A Red River College instructor has received national recognition for his work creating online resources that promote government transparency and accountability.
Kyle Geske, a Business Information Technology instructor at RRC, was in Edmonton this week to pick up an Open Data for Democracy Award at the Canadian Open Data Summit.
He accepted the award on behalf of Open Democracy Manitoba (ODM), a citizen-run community organization that helps educate voters by empowering them to understand the roles and visions of their elected representatives, in order to create a more accountable and respectful democracy.
Geske (shown above in front row, third from left) co-founded ODM with fellow BIT instructor Jody Gillis in 2010; he now serves as its executive director and oversees operations alongside RRC grad Ken Harasym (Digital Media Design, 2006).
Since its inception, OMD has launched two election portals — WinnipegElection.ca and ManitobaElection.ca — that have allowed hundreds of thousands of voters to research their candidates and learn about local democratic processes.
The sites feature ward/constituency maps and statistics, historical information about past elections, candidate profiles and social media links, and links to media coverage of candidates and election issues.
ODM’s latest project, WinnipegElected.ca, was launched last November to provide Winnipeg residents with easy access to city council decisions on reports, motions and bylaws.
WinnipegElected.ca was developed in partnership with the City Clerk’s office; with only a few tweaks, ODM was able to update the city’s existing record-keeping processes, allowing council decisions to be posted on the city’s open data portal.
In addition to the Open Data for Democracy Award, ODM has been recognized previously by the Canadian Internet Registration Authority, the City of Winnipeg, Mayor Brian Bowman, and a host of national and local journalists and media outlets.
Photo credit: City of Edmonton
She’s spent her entire career working with at-risk children and youth.
But in her current role as an instructor for Red River College’s Youth Recreation Activity Worker program, Kerry Coulter gets to re-connect with many of those same kids as they prepare to make a similar difference in the lives of others.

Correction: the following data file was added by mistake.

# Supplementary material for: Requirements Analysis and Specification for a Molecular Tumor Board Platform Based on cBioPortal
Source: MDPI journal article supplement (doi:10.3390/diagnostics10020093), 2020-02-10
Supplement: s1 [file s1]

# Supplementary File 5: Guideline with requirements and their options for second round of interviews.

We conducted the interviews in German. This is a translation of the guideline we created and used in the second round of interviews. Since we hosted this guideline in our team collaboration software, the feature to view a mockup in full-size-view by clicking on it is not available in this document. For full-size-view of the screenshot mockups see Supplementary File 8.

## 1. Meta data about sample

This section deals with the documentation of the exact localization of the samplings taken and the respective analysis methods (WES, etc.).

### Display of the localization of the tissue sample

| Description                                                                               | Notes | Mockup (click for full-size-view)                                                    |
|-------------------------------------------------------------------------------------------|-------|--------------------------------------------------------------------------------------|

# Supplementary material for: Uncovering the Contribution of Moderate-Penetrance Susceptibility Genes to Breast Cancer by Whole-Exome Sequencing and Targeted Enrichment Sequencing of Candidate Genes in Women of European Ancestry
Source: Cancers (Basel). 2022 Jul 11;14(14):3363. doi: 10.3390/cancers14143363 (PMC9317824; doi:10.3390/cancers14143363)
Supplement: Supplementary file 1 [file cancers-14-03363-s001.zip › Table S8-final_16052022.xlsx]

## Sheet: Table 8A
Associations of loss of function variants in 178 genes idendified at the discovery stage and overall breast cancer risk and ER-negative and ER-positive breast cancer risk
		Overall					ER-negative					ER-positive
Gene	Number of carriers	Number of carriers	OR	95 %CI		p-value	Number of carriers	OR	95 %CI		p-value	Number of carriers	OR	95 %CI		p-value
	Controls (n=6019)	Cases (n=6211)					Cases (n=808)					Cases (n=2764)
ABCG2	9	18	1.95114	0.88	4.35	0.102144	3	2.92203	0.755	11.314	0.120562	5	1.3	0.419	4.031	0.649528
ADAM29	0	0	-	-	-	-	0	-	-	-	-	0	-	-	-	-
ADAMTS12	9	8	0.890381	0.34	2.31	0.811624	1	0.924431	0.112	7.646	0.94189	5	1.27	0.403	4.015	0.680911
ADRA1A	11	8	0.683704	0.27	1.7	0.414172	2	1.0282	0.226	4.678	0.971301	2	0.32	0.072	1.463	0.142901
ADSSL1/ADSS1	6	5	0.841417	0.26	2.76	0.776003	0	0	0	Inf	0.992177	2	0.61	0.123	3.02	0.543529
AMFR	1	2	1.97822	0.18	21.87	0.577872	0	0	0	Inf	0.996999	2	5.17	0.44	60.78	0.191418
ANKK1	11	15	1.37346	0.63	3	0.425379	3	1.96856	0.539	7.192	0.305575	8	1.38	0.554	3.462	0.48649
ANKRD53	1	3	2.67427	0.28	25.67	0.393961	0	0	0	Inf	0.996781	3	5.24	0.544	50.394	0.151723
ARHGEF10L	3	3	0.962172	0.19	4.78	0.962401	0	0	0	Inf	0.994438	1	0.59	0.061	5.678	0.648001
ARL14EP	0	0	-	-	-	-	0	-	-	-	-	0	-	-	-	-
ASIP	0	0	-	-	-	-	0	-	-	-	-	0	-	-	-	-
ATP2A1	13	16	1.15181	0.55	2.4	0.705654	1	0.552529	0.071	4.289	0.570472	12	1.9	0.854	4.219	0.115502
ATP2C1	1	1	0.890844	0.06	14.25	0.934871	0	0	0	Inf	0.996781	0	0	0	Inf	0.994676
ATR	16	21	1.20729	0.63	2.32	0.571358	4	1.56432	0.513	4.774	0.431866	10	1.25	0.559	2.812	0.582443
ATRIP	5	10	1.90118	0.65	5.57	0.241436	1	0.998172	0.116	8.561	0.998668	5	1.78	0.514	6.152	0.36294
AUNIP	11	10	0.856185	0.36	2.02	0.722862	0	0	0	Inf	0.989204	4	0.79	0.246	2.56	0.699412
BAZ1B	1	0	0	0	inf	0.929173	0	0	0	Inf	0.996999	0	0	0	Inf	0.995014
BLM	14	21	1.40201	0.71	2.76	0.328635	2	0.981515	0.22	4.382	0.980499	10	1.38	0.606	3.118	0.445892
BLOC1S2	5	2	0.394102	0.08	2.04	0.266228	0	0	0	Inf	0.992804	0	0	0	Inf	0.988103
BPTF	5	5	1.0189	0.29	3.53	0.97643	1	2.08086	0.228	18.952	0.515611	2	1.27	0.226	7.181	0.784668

“My students are youth with multiple barriers, so often times they’re kids I used to work with, but now they’re all grown up and seeking access to post-secondary [education], and a supportive environment in which to be successful,” says Coulter.
“It’s full circle. These students want to go back and be helpers in their own communities … They grow up, come to college, and are trained and educated in how to be helpers themselves.”
The recipient of this year’s RRC Students’ Association Teaching Award of Excellence, Coulter has been a Youth Rec instructor since 2002. Before that, she earned her Bachelor of Arts degree from the University of Manitoba (and later, a Masters degree in Education from Central Michigan University), and worked for a number of child and youth care organizations, including Child and Family Services and adolescent treatment centre New Directions.
Each year, the College’s Youth Rec program trains 16 participants — many of whom face socio-economic barriers themselves — to work with inner city youth as recreational leaders. Graduates of the program often find jobs with the Boys and Girls Clubs of Winnipeg (a program partner) and other inner city youth agencies, or as childhood educators and teachers’ aides. Read More →